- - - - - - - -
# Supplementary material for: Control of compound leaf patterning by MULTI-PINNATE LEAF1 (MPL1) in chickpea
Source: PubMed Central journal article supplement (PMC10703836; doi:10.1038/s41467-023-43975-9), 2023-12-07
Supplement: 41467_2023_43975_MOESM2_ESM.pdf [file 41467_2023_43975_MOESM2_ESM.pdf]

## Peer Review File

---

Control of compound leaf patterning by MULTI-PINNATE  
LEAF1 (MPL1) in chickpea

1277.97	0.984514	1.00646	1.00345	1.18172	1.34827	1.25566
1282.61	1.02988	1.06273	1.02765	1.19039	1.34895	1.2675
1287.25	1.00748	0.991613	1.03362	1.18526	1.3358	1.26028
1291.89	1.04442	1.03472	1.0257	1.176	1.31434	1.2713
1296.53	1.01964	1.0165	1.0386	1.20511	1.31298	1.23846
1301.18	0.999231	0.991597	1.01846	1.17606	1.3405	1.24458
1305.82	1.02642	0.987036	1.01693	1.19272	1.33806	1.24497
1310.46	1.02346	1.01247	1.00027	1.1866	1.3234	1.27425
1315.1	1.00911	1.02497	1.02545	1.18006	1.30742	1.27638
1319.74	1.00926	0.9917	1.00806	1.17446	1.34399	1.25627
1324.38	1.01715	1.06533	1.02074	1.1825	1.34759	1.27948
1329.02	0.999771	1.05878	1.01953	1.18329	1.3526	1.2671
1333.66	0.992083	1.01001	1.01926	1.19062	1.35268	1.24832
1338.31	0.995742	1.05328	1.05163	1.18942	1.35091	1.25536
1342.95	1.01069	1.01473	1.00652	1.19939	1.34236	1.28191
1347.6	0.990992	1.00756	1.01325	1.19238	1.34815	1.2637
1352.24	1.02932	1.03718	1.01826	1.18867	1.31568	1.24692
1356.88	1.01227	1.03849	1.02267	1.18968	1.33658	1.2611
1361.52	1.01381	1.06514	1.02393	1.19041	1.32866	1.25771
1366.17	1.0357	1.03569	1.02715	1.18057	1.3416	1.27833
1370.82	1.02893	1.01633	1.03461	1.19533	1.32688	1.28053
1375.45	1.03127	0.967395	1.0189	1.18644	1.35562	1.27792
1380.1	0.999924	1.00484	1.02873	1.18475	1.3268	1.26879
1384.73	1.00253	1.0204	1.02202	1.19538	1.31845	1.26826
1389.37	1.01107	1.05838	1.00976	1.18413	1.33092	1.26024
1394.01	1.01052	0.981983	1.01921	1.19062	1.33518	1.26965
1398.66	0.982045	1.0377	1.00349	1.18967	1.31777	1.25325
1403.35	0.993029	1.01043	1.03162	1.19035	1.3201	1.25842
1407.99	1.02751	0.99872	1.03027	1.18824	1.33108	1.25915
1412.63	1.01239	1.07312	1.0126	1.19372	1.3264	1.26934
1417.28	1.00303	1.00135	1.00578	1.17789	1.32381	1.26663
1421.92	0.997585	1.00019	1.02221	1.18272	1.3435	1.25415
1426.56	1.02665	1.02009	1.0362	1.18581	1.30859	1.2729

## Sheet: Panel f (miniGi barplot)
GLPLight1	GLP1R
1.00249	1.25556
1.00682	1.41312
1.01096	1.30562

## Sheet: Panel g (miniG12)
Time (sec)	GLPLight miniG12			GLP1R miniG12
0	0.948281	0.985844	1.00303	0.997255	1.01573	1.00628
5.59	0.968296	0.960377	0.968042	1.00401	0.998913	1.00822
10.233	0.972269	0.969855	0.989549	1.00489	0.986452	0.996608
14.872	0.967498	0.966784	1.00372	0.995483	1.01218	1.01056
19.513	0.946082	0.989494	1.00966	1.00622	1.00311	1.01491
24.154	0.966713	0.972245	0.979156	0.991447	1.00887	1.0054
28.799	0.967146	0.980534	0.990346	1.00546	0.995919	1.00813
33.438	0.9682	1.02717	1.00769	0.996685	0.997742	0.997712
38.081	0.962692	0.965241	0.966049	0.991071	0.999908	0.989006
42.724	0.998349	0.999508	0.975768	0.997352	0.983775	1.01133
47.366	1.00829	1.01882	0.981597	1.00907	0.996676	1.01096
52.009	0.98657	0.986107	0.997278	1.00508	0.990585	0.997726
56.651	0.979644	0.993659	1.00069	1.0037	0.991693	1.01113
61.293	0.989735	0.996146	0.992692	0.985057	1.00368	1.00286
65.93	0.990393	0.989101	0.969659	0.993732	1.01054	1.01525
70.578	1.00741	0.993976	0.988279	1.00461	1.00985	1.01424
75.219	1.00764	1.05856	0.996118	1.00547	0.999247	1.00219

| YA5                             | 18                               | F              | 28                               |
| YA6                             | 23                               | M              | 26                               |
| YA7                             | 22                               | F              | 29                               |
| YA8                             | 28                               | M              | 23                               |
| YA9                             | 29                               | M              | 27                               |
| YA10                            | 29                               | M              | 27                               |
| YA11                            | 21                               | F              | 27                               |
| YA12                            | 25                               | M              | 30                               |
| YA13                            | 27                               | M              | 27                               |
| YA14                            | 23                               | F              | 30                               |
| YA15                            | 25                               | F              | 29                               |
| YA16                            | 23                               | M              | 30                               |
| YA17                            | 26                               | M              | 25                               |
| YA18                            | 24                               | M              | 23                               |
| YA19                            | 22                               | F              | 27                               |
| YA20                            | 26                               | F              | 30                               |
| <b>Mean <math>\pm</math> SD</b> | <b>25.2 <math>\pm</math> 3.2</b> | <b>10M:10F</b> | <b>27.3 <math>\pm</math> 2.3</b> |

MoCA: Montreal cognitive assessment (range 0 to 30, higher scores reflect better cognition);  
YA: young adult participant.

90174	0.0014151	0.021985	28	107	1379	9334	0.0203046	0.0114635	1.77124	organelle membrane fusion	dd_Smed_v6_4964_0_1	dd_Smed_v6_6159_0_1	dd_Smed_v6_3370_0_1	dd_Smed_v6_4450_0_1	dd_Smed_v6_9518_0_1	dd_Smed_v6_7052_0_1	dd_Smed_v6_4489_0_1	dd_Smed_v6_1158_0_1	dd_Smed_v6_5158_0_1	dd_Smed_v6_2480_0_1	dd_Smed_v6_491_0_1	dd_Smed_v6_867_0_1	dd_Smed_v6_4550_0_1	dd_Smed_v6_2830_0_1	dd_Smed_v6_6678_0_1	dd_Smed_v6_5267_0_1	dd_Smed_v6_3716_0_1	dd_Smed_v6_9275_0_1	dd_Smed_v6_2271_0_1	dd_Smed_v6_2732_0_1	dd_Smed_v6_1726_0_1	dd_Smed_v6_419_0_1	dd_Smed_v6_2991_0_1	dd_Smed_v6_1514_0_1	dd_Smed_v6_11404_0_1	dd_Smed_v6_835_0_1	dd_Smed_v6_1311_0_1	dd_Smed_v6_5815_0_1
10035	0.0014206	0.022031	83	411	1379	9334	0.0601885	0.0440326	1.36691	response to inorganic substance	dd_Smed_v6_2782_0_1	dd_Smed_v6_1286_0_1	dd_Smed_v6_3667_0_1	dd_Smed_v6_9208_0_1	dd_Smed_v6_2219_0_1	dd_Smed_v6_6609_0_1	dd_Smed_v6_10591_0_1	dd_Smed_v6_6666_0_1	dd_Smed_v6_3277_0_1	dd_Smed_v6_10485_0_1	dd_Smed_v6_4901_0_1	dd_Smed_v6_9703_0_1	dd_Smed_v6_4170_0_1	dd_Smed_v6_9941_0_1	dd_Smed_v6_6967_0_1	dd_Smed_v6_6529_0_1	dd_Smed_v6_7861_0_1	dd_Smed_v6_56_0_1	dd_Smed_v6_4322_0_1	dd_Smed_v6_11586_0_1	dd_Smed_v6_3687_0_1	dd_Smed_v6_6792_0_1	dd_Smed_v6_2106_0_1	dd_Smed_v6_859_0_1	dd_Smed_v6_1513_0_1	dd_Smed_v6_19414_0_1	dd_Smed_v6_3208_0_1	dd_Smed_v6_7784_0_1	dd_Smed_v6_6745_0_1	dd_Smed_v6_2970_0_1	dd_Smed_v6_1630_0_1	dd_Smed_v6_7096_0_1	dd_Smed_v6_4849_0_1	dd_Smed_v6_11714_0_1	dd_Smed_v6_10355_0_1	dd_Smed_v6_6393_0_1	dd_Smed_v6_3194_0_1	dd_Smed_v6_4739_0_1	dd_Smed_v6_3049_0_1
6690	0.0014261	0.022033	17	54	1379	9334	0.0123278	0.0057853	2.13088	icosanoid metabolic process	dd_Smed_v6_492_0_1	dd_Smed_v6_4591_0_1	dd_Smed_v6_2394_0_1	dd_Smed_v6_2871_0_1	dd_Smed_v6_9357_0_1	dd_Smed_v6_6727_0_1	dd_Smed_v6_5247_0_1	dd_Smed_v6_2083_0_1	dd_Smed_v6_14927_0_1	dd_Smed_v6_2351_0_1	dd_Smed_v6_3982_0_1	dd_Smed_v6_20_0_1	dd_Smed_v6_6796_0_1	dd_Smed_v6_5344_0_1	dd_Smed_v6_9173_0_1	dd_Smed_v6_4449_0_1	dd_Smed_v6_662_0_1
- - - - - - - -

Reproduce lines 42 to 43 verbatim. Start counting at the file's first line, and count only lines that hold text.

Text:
GLPLight1	GLP1R
1.00249	1.25556